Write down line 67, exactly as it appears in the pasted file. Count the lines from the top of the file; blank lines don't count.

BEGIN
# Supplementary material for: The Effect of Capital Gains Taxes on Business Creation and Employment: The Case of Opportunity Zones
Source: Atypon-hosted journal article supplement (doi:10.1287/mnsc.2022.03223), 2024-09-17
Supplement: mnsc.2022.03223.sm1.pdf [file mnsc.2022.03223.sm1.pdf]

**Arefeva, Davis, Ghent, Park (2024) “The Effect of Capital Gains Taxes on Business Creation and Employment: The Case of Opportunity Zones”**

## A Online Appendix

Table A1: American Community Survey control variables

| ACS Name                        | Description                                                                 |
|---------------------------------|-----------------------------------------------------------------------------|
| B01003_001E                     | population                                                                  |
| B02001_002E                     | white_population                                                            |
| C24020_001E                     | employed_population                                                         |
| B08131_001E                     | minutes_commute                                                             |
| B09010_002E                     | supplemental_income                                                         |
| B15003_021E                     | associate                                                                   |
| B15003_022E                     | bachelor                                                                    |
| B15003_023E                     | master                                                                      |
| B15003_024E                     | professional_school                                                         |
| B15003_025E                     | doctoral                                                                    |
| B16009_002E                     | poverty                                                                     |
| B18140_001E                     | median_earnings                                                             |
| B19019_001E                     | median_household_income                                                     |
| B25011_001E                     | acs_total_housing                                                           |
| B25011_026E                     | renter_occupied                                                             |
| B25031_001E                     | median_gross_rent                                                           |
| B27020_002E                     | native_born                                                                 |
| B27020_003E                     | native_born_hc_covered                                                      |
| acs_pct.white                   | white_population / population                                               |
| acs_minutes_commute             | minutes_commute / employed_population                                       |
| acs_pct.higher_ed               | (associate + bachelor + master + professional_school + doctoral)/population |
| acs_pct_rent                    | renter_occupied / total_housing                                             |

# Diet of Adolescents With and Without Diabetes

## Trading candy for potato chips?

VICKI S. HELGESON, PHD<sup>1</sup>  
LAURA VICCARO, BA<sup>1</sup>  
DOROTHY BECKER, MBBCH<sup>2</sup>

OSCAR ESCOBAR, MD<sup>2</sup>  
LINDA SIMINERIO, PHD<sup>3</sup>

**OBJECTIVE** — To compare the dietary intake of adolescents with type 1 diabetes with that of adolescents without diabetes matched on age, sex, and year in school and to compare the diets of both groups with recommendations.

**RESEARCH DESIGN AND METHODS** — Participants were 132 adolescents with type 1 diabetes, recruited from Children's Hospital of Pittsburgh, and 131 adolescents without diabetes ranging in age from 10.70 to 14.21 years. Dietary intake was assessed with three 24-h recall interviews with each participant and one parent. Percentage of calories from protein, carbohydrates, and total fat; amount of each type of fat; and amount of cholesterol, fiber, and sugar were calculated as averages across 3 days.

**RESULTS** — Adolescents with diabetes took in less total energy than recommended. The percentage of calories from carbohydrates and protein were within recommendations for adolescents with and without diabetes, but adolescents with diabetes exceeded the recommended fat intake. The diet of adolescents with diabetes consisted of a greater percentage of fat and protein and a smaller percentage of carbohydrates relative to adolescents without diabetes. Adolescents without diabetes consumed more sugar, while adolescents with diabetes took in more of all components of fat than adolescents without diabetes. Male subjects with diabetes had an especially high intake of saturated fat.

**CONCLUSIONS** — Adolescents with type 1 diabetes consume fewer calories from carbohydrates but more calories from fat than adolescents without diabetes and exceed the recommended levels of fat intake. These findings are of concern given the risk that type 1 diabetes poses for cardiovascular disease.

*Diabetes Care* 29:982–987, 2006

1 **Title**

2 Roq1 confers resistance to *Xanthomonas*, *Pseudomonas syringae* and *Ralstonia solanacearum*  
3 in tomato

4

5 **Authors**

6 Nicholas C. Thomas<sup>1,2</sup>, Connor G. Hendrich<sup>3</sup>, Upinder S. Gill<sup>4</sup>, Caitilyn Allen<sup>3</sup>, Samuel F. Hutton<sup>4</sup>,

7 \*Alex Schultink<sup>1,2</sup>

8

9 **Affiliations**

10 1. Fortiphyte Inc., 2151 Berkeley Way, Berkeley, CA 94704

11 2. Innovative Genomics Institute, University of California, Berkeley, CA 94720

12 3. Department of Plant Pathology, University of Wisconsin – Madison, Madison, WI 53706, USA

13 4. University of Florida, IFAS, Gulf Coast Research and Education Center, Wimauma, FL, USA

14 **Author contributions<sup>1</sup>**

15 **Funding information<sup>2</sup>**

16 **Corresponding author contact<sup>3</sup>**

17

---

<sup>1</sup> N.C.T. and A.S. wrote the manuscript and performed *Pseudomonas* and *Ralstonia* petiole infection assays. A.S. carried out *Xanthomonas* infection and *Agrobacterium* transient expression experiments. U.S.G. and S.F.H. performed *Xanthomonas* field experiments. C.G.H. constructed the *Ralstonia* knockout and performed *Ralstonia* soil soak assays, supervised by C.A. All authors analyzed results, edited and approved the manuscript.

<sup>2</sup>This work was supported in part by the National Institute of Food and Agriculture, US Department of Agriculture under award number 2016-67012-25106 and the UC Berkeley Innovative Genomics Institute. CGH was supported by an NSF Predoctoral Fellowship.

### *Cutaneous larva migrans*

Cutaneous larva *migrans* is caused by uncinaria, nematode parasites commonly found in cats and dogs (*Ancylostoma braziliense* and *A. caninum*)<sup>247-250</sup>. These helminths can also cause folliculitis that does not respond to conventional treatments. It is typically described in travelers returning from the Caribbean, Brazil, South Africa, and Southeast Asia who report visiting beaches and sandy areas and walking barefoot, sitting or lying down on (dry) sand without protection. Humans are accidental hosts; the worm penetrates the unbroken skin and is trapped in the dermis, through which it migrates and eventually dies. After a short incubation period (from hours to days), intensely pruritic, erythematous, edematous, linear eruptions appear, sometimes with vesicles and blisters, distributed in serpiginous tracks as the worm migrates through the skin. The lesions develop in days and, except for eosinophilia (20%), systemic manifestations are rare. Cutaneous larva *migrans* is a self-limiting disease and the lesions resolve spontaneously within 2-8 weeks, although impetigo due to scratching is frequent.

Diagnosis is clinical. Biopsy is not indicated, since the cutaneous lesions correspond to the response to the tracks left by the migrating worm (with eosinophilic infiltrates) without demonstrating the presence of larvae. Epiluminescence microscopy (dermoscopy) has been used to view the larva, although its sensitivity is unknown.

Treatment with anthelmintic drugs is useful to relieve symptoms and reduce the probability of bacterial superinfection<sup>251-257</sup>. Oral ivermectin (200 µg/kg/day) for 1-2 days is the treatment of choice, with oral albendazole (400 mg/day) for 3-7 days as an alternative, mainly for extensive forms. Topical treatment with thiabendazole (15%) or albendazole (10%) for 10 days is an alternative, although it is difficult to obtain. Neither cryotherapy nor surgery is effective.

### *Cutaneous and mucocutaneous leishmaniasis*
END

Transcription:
### *Cutaneous and mucocutaneous leishmaniasis*